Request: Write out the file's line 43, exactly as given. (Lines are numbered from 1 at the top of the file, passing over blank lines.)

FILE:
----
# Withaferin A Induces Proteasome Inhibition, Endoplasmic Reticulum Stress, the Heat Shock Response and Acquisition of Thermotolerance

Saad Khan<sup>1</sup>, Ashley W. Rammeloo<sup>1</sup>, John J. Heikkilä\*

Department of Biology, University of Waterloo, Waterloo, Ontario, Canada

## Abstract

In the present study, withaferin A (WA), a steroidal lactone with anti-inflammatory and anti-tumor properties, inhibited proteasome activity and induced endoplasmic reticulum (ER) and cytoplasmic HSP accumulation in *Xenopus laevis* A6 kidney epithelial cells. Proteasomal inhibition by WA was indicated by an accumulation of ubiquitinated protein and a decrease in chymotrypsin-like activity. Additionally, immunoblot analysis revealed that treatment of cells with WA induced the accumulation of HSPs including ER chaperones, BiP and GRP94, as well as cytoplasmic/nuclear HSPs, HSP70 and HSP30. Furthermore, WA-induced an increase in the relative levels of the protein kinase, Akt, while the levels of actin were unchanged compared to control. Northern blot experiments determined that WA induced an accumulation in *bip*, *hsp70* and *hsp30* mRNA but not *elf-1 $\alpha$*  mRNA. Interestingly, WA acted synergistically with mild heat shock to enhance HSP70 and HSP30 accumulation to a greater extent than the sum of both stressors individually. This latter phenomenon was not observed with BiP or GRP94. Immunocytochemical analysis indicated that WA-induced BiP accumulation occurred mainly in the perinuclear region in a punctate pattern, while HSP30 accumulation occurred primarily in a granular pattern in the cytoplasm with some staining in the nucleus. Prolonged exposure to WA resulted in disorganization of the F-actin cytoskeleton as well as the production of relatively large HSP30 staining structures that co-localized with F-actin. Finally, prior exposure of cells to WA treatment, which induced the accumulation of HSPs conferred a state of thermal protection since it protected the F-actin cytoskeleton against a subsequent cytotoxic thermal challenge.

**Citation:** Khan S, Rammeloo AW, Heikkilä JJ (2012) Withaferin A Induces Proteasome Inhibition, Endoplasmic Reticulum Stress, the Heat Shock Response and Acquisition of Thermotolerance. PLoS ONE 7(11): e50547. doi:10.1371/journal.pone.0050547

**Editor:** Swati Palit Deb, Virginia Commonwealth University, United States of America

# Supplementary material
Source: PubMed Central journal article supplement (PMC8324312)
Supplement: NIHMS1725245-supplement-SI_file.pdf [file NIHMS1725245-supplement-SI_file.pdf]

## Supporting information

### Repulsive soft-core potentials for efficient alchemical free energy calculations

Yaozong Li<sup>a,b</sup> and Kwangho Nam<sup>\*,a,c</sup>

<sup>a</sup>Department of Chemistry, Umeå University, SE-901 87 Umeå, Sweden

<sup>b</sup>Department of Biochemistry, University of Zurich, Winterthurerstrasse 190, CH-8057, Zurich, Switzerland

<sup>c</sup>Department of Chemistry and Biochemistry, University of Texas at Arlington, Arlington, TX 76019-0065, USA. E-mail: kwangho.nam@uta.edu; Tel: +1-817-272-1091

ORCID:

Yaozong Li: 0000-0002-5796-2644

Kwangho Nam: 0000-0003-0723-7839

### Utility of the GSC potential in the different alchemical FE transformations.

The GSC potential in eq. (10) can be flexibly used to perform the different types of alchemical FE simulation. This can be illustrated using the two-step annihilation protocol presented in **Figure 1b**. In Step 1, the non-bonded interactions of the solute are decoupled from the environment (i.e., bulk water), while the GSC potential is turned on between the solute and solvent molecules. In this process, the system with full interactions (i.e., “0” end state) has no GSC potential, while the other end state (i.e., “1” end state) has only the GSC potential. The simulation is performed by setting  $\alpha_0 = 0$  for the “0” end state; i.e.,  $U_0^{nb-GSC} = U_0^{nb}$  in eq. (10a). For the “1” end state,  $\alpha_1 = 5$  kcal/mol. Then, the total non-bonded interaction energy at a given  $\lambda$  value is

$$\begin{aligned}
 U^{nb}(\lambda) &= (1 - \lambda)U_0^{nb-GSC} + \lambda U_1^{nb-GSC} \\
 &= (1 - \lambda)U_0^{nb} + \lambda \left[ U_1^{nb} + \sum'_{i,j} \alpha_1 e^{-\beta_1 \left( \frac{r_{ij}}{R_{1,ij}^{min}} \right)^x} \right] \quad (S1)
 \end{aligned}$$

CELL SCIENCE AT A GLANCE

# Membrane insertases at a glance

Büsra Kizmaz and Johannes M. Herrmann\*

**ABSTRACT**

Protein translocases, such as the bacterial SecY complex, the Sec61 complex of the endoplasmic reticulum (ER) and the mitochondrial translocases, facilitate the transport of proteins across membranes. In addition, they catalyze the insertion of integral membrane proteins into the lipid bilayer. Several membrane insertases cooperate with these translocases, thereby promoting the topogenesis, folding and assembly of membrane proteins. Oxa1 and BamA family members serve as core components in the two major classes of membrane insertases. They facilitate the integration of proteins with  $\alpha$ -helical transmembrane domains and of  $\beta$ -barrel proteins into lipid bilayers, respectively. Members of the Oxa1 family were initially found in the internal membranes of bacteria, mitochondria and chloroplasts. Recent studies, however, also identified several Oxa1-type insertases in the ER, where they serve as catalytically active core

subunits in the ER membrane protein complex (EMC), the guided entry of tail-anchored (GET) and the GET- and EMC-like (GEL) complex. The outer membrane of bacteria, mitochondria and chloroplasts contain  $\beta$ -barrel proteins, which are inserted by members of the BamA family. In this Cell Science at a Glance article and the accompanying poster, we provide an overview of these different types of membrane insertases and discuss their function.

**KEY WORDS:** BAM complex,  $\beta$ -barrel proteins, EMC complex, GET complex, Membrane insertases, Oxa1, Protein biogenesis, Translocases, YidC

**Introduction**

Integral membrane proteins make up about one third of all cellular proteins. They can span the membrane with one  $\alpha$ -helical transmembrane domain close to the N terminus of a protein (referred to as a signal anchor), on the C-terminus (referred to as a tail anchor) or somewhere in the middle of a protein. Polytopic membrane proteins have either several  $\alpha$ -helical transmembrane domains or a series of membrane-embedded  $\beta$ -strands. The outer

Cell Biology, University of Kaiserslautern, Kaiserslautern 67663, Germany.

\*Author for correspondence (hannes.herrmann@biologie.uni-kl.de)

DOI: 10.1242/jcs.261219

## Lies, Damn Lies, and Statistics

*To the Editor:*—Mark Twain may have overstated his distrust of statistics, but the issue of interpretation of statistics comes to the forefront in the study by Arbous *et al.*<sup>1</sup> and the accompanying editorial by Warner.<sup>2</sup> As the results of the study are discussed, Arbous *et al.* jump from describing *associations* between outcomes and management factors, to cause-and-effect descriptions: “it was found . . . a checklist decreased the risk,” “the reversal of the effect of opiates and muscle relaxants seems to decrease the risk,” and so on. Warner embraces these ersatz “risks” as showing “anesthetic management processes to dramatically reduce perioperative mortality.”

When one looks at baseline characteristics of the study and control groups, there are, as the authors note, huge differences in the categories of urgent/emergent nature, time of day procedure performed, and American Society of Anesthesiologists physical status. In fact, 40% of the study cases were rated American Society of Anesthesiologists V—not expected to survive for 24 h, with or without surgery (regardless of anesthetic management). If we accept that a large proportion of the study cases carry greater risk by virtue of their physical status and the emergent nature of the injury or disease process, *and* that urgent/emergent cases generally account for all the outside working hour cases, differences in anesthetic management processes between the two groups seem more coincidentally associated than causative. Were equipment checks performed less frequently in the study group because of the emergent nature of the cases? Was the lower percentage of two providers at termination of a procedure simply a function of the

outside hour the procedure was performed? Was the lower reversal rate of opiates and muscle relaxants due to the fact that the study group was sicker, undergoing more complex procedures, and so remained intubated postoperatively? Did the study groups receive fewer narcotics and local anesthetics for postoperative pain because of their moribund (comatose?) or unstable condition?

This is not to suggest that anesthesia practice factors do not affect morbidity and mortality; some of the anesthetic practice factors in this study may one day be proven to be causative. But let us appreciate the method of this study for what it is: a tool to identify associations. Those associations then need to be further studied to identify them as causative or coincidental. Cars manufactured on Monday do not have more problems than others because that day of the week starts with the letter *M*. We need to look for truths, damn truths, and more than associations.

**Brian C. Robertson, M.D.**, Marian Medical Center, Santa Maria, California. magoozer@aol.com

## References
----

**Brian C. Robertson, M.D.**, Marian Medical Center, Santa Maria, California. magoozer@aol.com